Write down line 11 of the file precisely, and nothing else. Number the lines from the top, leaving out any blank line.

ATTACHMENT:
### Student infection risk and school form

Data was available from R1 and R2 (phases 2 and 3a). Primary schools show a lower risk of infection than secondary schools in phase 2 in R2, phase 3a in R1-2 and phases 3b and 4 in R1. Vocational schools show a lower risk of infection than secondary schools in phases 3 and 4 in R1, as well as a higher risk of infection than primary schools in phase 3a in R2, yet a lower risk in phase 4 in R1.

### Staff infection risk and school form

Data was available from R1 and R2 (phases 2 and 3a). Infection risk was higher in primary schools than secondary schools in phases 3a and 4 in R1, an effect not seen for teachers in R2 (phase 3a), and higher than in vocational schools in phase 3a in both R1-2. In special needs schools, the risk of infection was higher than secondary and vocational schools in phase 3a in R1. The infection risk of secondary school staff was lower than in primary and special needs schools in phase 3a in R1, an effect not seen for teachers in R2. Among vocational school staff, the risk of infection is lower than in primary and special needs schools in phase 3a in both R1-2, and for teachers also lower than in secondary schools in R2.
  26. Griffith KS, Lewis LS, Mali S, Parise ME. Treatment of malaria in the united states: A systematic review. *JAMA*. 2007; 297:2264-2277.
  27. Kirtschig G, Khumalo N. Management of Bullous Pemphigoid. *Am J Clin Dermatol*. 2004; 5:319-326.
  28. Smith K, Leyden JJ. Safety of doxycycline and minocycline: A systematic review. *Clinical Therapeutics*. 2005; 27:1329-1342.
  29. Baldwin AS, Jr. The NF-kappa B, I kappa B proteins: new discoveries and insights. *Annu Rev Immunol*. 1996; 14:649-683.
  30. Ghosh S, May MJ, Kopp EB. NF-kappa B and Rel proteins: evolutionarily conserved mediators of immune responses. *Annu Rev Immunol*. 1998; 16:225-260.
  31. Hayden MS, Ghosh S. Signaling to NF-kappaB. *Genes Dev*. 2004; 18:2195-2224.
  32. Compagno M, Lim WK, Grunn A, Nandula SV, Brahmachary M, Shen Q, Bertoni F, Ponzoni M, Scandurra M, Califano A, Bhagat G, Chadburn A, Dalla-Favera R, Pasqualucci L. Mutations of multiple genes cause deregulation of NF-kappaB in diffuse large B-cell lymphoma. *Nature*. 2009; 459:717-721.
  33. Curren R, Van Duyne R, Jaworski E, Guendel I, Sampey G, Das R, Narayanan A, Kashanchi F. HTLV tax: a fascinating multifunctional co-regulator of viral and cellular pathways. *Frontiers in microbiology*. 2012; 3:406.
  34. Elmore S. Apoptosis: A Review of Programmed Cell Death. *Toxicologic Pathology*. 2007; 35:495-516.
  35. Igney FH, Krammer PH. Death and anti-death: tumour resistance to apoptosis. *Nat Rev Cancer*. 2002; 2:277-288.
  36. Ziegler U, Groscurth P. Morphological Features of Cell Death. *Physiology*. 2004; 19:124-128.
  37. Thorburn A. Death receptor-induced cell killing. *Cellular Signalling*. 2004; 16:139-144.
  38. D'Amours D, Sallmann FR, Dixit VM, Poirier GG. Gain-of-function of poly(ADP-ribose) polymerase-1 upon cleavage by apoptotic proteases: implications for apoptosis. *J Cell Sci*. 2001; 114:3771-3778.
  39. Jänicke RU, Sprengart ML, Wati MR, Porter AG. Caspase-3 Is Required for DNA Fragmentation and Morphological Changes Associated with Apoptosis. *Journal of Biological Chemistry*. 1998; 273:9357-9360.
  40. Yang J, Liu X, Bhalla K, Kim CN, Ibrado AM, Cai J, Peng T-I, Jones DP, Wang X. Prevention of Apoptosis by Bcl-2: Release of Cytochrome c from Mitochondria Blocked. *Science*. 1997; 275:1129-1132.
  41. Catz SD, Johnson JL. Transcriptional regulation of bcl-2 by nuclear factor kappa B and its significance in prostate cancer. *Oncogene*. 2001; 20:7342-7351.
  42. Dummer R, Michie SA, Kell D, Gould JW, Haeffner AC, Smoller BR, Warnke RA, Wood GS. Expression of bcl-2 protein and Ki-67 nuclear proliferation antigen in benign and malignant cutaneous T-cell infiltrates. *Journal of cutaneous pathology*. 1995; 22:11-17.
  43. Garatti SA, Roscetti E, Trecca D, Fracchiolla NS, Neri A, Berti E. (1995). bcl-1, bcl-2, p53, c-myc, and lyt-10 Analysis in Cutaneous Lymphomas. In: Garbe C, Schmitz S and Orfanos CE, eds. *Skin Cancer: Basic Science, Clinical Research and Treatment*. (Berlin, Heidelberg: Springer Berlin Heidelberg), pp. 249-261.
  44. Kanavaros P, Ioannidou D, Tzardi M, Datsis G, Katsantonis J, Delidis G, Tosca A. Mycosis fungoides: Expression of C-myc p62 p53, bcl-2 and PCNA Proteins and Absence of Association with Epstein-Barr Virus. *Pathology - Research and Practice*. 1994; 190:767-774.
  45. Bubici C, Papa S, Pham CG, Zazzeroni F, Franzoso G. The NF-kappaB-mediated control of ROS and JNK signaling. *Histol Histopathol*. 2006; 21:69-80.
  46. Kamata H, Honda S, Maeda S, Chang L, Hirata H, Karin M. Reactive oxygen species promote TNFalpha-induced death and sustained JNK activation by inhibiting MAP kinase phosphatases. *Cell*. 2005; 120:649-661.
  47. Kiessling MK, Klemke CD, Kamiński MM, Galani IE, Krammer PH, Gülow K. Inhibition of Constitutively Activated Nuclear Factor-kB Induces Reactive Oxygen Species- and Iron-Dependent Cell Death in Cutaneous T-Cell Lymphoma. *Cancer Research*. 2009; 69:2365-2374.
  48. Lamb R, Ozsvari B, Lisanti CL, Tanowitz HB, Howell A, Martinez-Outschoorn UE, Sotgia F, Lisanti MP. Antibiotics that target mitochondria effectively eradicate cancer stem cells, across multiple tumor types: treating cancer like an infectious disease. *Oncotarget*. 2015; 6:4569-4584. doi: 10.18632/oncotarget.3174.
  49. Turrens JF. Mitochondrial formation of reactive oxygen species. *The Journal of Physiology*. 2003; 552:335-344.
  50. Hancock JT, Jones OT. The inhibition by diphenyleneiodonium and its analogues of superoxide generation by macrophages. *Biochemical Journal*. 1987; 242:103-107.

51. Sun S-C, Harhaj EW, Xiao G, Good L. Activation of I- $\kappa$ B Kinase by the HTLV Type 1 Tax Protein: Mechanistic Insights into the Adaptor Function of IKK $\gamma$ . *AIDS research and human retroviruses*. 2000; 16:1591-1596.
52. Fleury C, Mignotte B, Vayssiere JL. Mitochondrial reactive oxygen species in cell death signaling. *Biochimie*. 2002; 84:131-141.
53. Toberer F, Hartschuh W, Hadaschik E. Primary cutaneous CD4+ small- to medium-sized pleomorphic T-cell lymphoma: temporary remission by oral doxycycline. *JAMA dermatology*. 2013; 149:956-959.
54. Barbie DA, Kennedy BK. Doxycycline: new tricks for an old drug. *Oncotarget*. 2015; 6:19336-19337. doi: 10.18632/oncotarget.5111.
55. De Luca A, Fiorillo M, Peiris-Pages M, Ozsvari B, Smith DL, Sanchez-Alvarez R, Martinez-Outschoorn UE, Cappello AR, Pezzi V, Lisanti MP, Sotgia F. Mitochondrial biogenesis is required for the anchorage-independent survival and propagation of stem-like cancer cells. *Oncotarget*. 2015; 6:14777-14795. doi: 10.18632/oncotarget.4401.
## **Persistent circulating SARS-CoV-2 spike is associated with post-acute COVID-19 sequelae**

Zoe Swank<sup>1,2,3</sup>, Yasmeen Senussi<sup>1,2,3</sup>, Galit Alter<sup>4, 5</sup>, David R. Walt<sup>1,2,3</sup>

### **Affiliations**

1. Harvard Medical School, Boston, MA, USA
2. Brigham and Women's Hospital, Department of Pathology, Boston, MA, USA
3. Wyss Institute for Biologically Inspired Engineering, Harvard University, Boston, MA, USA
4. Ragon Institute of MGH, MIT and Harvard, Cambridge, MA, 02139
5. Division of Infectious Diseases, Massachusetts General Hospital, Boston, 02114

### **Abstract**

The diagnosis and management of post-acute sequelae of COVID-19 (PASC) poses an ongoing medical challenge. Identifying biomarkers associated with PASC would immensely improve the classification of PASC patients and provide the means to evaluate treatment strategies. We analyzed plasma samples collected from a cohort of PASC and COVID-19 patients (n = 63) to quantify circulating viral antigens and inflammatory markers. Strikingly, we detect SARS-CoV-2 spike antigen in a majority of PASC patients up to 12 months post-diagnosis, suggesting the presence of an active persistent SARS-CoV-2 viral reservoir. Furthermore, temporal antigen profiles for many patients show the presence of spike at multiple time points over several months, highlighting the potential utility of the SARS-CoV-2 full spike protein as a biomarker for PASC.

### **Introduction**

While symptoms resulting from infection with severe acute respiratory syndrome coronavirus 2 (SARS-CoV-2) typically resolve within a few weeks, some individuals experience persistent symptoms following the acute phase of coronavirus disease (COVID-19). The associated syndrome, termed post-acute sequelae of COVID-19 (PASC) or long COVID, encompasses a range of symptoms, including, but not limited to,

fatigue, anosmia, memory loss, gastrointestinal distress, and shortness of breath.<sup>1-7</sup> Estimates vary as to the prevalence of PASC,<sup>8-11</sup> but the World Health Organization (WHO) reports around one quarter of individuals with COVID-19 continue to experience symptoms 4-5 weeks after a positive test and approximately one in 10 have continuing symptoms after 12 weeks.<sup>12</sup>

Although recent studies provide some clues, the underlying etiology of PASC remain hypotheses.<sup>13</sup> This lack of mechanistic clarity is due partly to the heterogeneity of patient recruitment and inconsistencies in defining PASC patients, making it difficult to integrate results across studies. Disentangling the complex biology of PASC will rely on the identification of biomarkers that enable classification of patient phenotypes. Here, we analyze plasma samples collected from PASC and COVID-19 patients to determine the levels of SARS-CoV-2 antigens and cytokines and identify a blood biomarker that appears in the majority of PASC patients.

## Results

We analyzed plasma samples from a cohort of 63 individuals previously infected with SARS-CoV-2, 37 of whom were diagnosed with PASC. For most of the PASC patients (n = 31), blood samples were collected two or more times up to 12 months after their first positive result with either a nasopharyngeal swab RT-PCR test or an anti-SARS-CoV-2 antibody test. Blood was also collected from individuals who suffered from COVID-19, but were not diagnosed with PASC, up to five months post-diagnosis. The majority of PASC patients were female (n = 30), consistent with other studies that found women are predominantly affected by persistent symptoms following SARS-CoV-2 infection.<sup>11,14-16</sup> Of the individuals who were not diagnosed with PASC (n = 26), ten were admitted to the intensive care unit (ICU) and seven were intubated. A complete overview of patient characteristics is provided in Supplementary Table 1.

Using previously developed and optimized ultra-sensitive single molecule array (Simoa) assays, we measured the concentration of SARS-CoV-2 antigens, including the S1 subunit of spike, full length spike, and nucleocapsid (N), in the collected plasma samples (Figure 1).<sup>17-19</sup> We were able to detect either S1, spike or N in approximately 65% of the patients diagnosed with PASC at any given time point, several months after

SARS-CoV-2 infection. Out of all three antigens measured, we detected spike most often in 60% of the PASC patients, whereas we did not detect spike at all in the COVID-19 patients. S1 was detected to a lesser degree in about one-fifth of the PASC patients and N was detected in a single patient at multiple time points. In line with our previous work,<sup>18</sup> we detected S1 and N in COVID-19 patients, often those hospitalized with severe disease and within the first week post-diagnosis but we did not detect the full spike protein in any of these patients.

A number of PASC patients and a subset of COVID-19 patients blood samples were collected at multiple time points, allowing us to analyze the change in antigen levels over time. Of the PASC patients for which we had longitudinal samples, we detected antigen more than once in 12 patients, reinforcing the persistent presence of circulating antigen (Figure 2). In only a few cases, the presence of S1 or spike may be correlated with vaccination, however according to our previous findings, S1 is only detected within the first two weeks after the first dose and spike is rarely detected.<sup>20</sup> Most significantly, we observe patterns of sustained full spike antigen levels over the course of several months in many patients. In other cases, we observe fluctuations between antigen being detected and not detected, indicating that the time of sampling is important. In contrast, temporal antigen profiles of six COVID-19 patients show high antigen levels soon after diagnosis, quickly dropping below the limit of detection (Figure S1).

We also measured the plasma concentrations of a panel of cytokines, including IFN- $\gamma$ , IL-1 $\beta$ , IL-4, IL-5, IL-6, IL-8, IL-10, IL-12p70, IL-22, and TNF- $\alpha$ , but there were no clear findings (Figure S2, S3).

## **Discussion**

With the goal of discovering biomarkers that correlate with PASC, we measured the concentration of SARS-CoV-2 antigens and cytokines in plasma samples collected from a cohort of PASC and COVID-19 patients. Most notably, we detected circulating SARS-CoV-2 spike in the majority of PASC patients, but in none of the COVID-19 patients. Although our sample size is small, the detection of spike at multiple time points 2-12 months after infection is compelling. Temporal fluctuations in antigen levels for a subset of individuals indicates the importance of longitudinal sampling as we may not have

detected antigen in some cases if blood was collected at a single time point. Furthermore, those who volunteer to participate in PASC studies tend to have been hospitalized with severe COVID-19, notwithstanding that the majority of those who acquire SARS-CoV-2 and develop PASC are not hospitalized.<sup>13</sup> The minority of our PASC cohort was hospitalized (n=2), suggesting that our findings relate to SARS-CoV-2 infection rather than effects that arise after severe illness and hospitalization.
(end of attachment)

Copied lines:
  32. Compagno M, Lim WK, Grunn A, Nandula SV, Brahmachary M, Shen Q, Bertoni F, Ponzoni M, Scandurra M, Califano A, Bhagat G, Chadburn A, Dalla-Favera R, Pasqualucci L. Mutations of multiple genes cause deregulation of NF-kappaB in diffuse large B-cell lymphoma. *Nature*. 2009; 459:717-721.